This is the difference between the Marxist conception of history — which treats history as the movement of and relations between social and economic forces — and individualistic notions of history as a succession of “great men.” Though both models were formulated in the 19th century, it is the materialist conception of history which remains worthwhile for those who wish to actually understand the world around them. The bourgeois idealist conception of history, a blunt instrument designed to dilute complexity and attribute world-changing events to the whims of a few superior beings, was rightly tossed in the dustbin long ago.

So it was within a real historical framework, not the outdated methodology the Western media clings to, that this new resolution was written and approved during the most recent plenary session. The CPC knows the importance of periodically evaluating its own history and that of the country since its founding in 1921; this resolution is the third of its kind, following ones passed at the seventh plenary session of the Sixth Central Committee in 1945 and the sixth plenary session of the 11th Central Committee in 1981. Each has come at a key juncture in the CPC’s 100-year journey — the first, during the period of the new-democratic revolution; the second, the period of reform and opening-up; and the third in the “new era” designated by Xi at the 19th CPC National Congress in 2017.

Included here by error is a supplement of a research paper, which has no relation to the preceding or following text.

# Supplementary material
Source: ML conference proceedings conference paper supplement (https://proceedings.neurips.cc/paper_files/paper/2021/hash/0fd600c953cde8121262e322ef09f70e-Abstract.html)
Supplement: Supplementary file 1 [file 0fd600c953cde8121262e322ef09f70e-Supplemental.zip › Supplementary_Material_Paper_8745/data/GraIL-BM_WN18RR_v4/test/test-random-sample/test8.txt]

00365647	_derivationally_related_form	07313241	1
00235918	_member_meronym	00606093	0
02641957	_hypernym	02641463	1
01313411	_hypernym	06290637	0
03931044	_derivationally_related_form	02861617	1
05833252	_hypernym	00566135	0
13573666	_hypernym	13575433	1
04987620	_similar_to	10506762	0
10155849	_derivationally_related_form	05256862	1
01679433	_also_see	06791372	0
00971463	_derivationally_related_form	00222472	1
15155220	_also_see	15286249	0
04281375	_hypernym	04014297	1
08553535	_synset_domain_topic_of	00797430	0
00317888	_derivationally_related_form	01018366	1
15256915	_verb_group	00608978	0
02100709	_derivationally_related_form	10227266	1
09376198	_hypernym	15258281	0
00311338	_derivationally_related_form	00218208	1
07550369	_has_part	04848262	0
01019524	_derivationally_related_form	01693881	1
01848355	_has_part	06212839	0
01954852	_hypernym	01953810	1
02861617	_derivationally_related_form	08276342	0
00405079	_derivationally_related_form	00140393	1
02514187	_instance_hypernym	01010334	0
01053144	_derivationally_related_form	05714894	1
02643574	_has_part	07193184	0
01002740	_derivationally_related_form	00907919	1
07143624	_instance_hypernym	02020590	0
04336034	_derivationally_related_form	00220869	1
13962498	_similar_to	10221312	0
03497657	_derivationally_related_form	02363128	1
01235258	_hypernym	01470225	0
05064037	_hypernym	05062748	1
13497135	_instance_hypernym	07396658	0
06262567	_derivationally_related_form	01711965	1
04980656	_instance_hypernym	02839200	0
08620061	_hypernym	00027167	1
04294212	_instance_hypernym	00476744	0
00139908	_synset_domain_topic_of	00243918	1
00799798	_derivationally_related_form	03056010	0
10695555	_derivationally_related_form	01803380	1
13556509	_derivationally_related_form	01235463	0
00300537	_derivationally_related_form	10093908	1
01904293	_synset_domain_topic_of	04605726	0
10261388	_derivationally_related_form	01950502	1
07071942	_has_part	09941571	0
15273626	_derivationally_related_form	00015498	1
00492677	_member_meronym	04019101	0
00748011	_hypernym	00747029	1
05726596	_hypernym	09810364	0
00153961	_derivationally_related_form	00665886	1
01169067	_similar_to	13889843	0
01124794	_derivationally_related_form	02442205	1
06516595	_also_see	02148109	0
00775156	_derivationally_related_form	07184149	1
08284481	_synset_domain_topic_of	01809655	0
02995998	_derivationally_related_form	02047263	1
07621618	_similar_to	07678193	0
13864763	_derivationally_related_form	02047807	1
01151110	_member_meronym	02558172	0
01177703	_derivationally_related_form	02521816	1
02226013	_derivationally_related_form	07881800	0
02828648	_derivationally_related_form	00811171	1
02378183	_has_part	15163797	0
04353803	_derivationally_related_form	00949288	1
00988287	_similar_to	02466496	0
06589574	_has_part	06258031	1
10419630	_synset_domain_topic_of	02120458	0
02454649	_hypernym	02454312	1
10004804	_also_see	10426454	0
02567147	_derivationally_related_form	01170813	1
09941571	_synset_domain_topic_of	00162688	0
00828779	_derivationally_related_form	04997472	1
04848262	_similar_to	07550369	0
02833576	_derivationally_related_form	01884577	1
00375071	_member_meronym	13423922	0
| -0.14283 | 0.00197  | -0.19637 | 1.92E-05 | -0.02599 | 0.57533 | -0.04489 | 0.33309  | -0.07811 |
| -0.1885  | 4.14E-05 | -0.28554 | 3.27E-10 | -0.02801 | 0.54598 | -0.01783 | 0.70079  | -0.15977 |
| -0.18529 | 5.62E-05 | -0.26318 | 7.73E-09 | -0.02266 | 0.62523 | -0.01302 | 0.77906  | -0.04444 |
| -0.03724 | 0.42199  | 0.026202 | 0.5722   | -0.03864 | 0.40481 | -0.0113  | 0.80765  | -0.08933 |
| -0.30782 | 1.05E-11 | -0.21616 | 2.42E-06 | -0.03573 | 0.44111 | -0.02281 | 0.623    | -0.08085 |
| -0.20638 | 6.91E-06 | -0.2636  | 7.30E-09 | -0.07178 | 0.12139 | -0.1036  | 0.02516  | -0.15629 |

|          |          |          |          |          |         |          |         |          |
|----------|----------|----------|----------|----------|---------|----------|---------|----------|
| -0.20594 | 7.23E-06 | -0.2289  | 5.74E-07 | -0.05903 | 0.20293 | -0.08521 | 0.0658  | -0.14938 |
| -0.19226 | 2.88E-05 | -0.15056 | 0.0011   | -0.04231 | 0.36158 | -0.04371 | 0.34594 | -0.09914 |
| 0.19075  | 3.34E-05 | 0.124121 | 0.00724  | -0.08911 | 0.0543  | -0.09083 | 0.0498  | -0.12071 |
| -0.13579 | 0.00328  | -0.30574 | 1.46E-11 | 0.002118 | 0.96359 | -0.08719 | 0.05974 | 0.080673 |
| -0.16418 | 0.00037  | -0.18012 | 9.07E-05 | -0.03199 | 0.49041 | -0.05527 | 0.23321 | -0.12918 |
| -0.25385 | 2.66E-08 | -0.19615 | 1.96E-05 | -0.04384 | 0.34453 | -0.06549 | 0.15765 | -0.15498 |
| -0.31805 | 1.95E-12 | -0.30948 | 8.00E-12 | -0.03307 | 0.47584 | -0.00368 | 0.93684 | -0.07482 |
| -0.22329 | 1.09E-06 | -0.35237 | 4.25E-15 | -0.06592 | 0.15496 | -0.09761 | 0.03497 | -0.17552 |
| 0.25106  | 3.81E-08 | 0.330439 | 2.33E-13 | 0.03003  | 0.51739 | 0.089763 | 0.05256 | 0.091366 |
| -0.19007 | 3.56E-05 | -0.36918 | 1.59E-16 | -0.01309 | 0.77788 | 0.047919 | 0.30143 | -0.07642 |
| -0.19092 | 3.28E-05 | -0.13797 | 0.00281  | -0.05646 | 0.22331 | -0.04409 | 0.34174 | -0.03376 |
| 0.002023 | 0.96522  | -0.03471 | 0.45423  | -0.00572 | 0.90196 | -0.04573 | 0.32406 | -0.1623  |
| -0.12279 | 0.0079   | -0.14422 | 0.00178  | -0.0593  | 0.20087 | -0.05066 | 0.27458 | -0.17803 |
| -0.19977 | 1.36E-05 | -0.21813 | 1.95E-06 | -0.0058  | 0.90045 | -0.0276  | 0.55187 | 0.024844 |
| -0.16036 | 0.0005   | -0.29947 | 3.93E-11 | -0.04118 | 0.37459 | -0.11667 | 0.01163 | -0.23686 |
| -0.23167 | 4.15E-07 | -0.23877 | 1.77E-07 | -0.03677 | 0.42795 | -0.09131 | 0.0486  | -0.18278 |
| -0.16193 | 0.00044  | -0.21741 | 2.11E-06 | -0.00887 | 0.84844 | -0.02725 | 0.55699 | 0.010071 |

Both earlier resolutions were written to address certain historical questions and clarify the Party’s history as of the point of their drafting. Then as now, the capitalist press reduced them to a set of personality clashes; they were treated as nothing more than attempts by a CPC leader to justify their hold on power. Few if any took them at face value, as documents providing a blueprint for studying the Party’s past to better inform its present and future. Although these resolutions announced their intentions openly, commentators were hell-bent on blundering their way into a “truer” reading as they combed through the text for hidden messages, like a magic eye painting or a Beatles record. To no one’s great surprise, their readings inevitably conformed to the opinions they already held. Again, we must forgive them their trespasses. They lash out at phantoms because they are blind — or blinded. But Marxists are not.